Life, the nature documentary show by BBC, was shot entirely in high definition and gives viewers an absolutely astounding view of nature up close. The BBC series ran from October to December 2009 and now Discovery Channel has brought it to the United States. The series consists of ten 50 minute episodes, each with its own theme of animals. The US is late compared to other countries in showing this series, as it has already been shown in Canada and Latin America. This is the fifth week of episodes featuring “Plants” and “Primates,” each 50 minutes long and full of amazing video clips of interesting creatures. Each episode is narrated by the famous Oprah.
Life is rumored to have been given the largest budget of any previous documentary: 10 million pounds (or at its current conversion, 15.29 million US dollars). The first year of production for the film involved researching places that the camera crew could shoot and what animals would be interesting to observe. Then, the crew spent the next three years doing over one hundred and fifty shoots on all seven continents. The use of new filming techniques and technologies such as the ability to make steady shots from moving vehicles and use high speed cameras helped to create amazing results for the crew.
Taking a different direction from the other episodes, this one focuses on amazing plants that share our planet with us. On a forest floor, time lapse video shows ivies climbing ever upwards in order to get access to much needed light. Epiphytes, a kind of plant that grows on other plants, grow in the tall branches of trees, trapping water and falling leaves which they decompose into essential nutrients. Sundew traps and venus flytraps take a radically different approach to their nutrient needs: they capture and digest insects. Some plants manage to survive in extreme environments. Dragon’s blood trees on the arid islands of Socotra survive by capturing the moisture from fog while coastal mangrove trees filter salt from sea water in order to fulfill their water needs. Bristlecone Pines in North American mountains can live for 5,000 years, making them the oldest living things on Earth. Grasses are the most successful plants in the world; there are over 10,000 varieties. The two most populous ones are ones that we grow: rice and wheat.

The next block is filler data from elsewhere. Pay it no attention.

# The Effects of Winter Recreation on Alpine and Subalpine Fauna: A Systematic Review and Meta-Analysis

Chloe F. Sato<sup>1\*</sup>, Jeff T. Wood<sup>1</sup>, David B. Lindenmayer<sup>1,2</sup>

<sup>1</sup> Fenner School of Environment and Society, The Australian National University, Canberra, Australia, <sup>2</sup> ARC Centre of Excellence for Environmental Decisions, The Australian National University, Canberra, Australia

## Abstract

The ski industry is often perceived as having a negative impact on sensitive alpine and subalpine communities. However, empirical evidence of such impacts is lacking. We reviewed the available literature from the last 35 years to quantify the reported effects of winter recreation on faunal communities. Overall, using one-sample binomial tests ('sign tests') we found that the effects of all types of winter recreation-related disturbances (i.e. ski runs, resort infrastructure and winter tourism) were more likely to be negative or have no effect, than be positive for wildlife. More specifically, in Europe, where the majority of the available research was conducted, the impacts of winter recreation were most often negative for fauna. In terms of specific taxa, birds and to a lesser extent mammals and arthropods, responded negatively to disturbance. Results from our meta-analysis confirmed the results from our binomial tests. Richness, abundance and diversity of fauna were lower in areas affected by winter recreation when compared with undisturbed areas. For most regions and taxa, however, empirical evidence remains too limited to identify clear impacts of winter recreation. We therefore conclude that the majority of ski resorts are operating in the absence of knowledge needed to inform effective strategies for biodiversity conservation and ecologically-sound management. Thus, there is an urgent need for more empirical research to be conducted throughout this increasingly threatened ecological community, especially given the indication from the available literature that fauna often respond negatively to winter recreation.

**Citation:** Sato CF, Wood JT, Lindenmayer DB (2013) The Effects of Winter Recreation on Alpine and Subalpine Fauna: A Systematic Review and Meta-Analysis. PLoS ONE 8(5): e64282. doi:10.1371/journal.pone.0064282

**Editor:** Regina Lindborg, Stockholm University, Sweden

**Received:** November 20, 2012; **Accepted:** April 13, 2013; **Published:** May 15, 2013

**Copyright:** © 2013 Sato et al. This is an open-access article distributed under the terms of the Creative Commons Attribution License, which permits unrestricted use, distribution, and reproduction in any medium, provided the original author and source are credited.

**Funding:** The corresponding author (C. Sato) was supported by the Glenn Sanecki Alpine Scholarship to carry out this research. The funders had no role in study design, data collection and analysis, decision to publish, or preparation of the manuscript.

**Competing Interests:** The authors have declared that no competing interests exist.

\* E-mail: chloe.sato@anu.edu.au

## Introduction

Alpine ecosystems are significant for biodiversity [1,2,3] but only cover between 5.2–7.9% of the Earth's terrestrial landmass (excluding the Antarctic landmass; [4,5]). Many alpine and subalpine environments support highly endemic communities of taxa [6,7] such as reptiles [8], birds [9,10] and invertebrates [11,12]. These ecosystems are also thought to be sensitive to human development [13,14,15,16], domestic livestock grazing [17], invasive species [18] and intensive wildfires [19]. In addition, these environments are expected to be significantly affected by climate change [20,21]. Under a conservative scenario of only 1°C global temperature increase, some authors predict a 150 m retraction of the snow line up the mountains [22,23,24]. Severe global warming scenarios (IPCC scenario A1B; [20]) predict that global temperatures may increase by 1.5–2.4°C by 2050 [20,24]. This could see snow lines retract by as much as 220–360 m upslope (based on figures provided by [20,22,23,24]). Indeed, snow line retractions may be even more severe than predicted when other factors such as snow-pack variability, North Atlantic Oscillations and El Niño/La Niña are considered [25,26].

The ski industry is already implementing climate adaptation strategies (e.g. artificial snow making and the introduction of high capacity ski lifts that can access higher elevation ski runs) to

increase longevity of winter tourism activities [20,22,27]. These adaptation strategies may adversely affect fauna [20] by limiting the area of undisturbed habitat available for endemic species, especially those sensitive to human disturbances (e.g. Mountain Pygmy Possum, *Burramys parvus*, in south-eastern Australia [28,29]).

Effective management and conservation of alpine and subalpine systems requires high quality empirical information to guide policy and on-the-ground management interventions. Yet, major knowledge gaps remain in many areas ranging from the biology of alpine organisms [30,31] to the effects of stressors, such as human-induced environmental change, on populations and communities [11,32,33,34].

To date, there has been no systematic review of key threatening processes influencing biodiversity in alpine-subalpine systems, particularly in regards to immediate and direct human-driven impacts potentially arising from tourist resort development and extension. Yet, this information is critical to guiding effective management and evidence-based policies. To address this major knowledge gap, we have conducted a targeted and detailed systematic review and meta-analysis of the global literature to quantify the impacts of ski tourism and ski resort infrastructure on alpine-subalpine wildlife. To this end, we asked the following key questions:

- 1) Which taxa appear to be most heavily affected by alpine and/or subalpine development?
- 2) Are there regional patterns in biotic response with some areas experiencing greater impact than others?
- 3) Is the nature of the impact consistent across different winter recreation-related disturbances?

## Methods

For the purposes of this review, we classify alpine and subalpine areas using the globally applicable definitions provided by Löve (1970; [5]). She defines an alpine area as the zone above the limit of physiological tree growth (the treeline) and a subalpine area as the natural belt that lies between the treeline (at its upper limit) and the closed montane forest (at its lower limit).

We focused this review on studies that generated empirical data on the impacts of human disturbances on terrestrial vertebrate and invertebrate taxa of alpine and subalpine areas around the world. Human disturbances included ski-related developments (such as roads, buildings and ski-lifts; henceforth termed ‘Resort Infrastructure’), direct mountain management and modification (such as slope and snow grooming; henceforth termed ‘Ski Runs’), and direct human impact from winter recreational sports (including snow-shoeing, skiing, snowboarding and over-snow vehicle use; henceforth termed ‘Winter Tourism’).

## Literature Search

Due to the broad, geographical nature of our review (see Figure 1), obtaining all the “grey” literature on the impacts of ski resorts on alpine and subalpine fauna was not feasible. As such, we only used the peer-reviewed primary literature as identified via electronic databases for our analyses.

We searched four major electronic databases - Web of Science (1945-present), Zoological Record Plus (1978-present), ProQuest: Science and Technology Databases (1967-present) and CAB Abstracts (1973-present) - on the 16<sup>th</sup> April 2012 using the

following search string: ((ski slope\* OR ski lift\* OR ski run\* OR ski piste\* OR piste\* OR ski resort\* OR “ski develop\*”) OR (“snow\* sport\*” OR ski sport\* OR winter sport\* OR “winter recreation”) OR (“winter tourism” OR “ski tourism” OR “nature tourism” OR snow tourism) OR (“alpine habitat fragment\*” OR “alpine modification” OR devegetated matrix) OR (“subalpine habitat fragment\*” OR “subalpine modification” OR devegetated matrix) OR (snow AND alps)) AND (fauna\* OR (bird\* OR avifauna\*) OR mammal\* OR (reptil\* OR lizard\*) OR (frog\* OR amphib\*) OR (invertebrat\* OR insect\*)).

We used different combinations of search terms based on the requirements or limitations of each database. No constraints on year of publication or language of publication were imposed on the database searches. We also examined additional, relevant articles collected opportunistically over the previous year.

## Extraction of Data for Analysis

Primates remind humans of ourselves so our fascination for our cousins will never cease. In Japan, macaques who endure temperatures of -20 degrees Celsius, only allow macaques from certain bloodlines to use the hot spring water in the winter months. The others are left out in the cold. The silverbacked gorilla uses primal calls and chest beating to mark his territory. The silver hair on his back appears after a certain age to mark him as the dominant, mature male. In the rainforest of Thailand, lar gibbons sing songs to demonstrate sexual connection. In South Africa, chacma baboons search through kelp beds for nutritious meals from the sea while the capuchins of Costa Rica collect clams and beat them against rocks to tire out the muscles keeping the shell tightly closed.
This is the final night of new Life episodes and a great conclusion. I would highly recommend the series to anyone who enjoys nature programs.